Considering the Office 365 ecosystem? Learn about the migration process in our webinar “Move to Office 365 Fast and Accelerate Remote Work” today!
In this time of modernization and cloud technology, many organizations are evaluating the migration of existing file share systems into a standard enterprise collaboration platform. While the need for this shift has loomed over the heads of many an IT department for years, the magnitude of this workload can be daunting given the reliance on file systems for internal processes, collaboration, and even force of habit.
With that being said, there are still many benefits to leveraging an enterprise content management (ECM) system ranging from version control to enhanced security and compliance. Furthermore, cloud collaboration platforms such as Office 365 provide an easier and arguably more accessible means for end-users to access and share content. The current work-from-home climate only accelerates the need for a solution, and now the file share migration project that was put off for so long comes to the forefront.
So, now what?
Whether migrating to the cloud or a standard on-premise ECM system, there will be similar challenges. Here are three best practices when looking to migrate your file shares.
Clean Up ROT
Many have heard variations of the term “ROT” data, but whatever version of the acronym, the concept is the same. It’s the data that can be cleaned up or otherwise removed from the source system in order to recover lost storage space and increase efficiency. The process of cleaning up this data can also reduce the migration effort and improve searchability in the destination environment. Let’s look at each part of the “ROT” acronym:
- Redundant – This is possibly the most difficult part of the cleanup process. Due to the lack of versioning available in file systems, there are usually many different copies or self-made versions of content floating around. Identifying the locations of this content and discerning what stays and what goes can help play a part in reducing content conflict once the files are moved into the new repository. There are third-party solutions that can assist in helping to report on and identify this content to ease the pre-migration process.
- Outdated – End-users can be pack rats and tend to keep content that is no longer relevant solely because there may not be a process in place that forces them to do so. Additionally, when people leave departments or whole organizations, their files aren’t always evaluated and/or purged. This leads to a mass of stale content that likely goes unused and can be eliminated unless it goes against your organization’s record retention policy. A suggestion here is to…
- Review record retention guidelines and discern if there is a timeframe in which you must keep files (i.e. seven years)
- Plan to filter out content that exceeds the given timeframe
- Notify users—as part of a change management communication strategy—of this decision so as to spur action on their end. In this way, you can ensure the content being migrated will be relevant and in compliance of internal policies.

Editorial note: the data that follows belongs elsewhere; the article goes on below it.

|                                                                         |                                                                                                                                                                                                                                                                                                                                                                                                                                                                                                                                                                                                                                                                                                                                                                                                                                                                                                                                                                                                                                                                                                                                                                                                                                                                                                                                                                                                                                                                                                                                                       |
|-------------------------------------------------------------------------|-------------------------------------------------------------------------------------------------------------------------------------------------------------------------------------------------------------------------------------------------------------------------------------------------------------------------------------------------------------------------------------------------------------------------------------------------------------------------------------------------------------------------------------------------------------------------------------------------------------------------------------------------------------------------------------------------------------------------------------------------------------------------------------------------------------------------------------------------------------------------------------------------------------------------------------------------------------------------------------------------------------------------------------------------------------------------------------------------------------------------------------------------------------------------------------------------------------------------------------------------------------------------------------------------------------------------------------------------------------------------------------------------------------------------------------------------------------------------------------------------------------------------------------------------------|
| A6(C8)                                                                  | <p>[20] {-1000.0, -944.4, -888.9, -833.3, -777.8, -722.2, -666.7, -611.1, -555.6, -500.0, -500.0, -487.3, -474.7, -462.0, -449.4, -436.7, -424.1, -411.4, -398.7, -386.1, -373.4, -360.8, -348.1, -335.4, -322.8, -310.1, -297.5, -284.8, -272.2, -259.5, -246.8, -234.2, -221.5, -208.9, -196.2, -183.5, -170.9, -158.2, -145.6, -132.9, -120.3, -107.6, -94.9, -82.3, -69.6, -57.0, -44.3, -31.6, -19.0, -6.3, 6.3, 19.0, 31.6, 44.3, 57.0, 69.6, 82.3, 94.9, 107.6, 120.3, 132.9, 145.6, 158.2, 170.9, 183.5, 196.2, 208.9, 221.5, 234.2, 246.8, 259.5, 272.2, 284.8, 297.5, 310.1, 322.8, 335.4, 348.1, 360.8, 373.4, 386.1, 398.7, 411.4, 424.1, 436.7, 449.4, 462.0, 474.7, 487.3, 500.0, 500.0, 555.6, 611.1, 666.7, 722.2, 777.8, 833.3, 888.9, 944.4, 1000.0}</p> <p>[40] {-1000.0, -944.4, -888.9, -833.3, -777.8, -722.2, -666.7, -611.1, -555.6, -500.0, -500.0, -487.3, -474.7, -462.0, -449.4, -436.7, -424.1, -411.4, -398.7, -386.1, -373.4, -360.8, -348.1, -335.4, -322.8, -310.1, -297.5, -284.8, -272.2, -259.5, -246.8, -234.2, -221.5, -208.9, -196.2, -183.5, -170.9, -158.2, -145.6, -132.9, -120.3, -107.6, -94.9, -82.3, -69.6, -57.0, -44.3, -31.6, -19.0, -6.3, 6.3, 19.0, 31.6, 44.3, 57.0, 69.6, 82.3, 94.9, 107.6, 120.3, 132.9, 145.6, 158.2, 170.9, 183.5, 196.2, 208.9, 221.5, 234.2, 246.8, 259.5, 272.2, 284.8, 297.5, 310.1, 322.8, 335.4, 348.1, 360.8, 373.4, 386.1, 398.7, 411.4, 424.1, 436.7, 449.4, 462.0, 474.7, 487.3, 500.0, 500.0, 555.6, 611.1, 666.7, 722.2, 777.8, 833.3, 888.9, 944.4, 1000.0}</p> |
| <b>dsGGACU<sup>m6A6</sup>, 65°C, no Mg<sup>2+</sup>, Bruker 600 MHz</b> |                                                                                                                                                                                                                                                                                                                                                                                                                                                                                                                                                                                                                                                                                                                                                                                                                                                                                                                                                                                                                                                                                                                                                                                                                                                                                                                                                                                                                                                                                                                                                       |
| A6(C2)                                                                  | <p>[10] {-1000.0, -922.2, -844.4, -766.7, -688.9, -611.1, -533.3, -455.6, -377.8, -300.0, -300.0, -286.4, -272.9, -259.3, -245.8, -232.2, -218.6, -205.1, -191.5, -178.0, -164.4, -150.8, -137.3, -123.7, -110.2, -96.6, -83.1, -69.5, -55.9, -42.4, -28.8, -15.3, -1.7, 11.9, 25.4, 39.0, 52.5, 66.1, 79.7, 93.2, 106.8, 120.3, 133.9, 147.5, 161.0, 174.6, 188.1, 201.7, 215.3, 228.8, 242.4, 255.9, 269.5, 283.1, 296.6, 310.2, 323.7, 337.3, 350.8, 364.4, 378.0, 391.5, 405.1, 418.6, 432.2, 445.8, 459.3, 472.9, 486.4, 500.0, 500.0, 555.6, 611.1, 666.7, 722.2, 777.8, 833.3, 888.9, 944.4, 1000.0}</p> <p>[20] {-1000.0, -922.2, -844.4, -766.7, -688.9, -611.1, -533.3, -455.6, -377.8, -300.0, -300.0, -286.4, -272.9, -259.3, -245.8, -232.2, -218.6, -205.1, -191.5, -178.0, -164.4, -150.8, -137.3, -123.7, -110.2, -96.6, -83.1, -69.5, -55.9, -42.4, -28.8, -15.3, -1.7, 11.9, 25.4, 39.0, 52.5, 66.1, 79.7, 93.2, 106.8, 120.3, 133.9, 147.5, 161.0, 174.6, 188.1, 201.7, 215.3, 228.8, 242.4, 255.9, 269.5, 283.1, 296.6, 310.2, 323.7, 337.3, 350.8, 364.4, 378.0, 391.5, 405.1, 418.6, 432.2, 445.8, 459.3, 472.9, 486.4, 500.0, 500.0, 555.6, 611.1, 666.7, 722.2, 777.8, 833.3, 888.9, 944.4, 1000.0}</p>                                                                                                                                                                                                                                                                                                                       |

- Trivial – While outdated content is easier to identify, trivial content is up to the determination of the user. Reducing this type of data requires coaching and communication with the end users to assist them in determining whether or not they should remove certain files. This process will also help reduce the overall migration burden.
Understand Where the Data is Going
In order to properly plan the migration, it’s not only important to clean up the ROT content but also to understand where the content is moving to. This process might be known as “planning your organization’s information architecture,” but it doesn’t have to be as scary as it sounds. Taking Office 365 as an example, the rule of thumb could be:
- All “personal” file share content will be migrated to the individual’s OneDrive for Business
In this way, the content will be stored in a location that makes sense and promotes findability.
Phase the Migration
Having a comprehensive migration process is just as important for the people doing the migration as it is the end users being impacted. Phasing the migration comes with several benefits, such as:
- A timeline that can be communicated to end users so they’re aware of when things will be cutover and when they should start using the new system.
- A way for the people performing the migration to focus on one segment at a time in an effort to minimize issues and perform appropriate testing.
- If migrating to the cloud, phasing the migration helps to minimize potential throttling issues that occur when moving a large quantity of data.
Cleaning up the ROT, structuring your organization’s information architecture, and phasing your migration all come together to form the overarching migration plan. This plan accounts for everything from a timeline of when each batch of individuals/departments will be migrated to a timeline of communication dispersal. Better yet, a comprehensive migration plan will optimize time spent performing pre-migration activities and during cutover periods.
While there are most certainly nuances to all migration scenarios, these three best practices will help form the foundation of performing a successful file share migration. Have any other questions? Drop them in the comment section below!